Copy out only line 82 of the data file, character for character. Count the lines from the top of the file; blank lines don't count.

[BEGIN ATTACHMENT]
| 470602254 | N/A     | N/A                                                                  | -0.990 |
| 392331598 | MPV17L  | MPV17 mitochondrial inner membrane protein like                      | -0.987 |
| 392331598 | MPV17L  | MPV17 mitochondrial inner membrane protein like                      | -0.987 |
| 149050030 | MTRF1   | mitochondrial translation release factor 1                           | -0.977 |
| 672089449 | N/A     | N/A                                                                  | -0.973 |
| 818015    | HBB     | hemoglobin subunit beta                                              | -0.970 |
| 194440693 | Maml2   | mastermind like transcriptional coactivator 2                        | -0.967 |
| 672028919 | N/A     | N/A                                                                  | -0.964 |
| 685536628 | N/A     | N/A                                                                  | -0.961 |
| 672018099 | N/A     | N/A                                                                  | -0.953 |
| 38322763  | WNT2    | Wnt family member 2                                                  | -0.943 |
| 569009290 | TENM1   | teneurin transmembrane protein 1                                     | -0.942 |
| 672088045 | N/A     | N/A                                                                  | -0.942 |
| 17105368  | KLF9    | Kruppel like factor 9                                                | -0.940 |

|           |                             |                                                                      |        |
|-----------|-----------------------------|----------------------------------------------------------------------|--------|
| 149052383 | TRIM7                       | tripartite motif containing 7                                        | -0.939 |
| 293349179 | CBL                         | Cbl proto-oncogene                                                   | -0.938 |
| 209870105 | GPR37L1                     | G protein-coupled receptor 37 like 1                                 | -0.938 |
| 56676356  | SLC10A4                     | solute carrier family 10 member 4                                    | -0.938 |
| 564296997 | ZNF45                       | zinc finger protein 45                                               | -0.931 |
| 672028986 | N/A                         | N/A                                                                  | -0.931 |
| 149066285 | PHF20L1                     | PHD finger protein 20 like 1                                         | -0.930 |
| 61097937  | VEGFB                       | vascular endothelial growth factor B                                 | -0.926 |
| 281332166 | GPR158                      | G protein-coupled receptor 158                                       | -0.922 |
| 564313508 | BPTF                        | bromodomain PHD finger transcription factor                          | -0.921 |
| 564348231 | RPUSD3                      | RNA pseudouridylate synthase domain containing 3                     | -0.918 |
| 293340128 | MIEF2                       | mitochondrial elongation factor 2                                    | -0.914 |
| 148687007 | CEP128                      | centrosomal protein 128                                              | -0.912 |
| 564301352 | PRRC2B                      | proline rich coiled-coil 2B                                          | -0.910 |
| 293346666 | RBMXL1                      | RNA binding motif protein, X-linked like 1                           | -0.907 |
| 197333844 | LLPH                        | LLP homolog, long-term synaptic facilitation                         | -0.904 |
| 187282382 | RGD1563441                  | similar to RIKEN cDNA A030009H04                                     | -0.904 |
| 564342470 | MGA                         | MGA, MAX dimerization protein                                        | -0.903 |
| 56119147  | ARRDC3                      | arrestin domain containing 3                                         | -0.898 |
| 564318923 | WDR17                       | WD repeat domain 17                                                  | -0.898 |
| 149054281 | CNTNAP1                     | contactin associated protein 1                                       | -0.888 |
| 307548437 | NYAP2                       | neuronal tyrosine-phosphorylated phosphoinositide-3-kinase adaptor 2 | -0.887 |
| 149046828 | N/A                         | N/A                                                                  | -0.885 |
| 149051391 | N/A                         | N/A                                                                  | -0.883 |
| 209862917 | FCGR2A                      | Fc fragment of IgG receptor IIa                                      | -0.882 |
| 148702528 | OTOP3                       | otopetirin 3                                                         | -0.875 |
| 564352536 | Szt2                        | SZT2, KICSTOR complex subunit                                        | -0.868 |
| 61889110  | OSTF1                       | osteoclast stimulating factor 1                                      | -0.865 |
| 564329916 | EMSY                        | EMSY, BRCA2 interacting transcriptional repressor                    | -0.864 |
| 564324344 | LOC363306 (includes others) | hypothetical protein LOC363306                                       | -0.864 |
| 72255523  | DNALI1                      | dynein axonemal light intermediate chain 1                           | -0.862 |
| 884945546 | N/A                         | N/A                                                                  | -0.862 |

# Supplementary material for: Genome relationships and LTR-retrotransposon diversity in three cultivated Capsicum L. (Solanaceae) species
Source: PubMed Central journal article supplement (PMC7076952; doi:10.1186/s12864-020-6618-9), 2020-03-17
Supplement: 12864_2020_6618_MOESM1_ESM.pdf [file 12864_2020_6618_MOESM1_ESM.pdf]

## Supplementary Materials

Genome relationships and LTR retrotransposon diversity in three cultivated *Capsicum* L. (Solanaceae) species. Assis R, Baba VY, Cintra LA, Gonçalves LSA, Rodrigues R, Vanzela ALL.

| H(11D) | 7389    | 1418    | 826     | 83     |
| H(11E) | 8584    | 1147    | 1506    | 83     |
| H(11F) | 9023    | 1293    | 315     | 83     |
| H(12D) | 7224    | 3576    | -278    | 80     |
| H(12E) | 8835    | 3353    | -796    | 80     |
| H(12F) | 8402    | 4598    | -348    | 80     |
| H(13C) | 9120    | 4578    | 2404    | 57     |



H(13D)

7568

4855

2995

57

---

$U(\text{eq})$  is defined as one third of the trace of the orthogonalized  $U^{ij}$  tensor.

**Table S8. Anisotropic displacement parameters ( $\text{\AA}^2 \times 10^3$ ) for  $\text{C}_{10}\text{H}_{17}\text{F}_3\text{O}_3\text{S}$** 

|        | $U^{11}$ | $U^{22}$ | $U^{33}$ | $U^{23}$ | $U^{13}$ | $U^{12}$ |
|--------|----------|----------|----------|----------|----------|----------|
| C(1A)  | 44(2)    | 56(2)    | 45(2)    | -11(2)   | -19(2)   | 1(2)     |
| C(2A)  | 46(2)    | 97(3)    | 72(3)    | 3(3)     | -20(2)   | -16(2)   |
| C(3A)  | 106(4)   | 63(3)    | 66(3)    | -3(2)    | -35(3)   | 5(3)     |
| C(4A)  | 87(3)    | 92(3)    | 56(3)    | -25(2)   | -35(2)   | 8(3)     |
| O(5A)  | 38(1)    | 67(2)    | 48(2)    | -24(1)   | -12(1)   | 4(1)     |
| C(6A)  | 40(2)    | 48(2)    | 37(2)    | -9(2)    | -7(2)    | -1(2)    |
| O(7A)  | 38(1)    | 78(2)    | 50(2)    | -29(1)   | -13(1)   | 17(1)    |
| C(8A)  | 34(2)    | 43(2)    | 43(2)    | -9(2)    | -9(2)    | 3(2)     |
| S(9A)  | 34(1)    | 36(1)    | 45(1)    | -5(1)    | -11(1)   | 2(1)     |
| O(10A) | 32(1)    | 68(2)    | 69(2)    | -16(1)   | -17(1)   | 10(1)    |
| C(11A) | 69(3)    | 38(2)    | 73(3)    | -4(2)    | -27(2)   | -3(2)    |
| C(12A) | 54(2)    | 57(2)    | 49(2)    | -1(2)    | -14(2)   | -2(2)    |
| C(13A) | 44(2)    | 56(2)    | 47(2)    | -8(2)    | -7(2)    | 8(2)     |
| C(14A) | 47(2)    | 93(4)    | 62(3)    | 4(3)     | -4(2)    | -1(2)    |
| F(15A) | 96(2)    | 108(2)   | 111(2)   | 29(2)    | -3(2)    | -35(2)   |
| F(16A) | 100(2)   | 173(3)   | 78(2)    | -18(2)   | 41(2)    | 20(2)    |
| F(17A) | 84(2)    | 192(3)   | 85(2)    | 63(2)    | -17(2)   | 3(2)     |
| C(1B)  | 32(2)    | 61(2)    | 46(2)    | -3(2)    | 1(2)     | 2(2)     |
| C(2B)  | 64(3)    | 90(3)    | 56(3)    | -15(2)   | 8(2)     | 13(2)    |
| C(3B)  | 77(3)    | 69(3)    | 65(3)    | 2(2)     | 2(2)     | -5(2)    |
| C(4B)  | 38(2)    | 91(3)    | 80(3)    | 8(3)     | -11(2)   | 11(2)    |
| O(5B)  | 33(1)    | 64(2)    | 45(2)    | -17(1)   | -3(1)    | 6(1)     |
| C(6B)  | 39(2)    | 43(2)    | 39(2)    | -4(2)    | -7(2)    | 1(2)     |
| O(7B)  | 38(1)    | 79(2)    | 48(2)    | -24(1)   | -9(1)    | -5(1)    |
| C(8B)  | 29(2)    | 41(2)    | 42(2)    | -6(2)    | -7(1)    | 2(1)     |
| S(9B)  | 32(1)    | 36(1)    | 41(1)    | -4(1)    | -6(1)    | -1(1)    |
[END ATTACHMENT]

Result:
| C(12A) | 54(2)    | 57(2)    | 49(2)    | -1(2)    | -14(2)   | -2(2)    |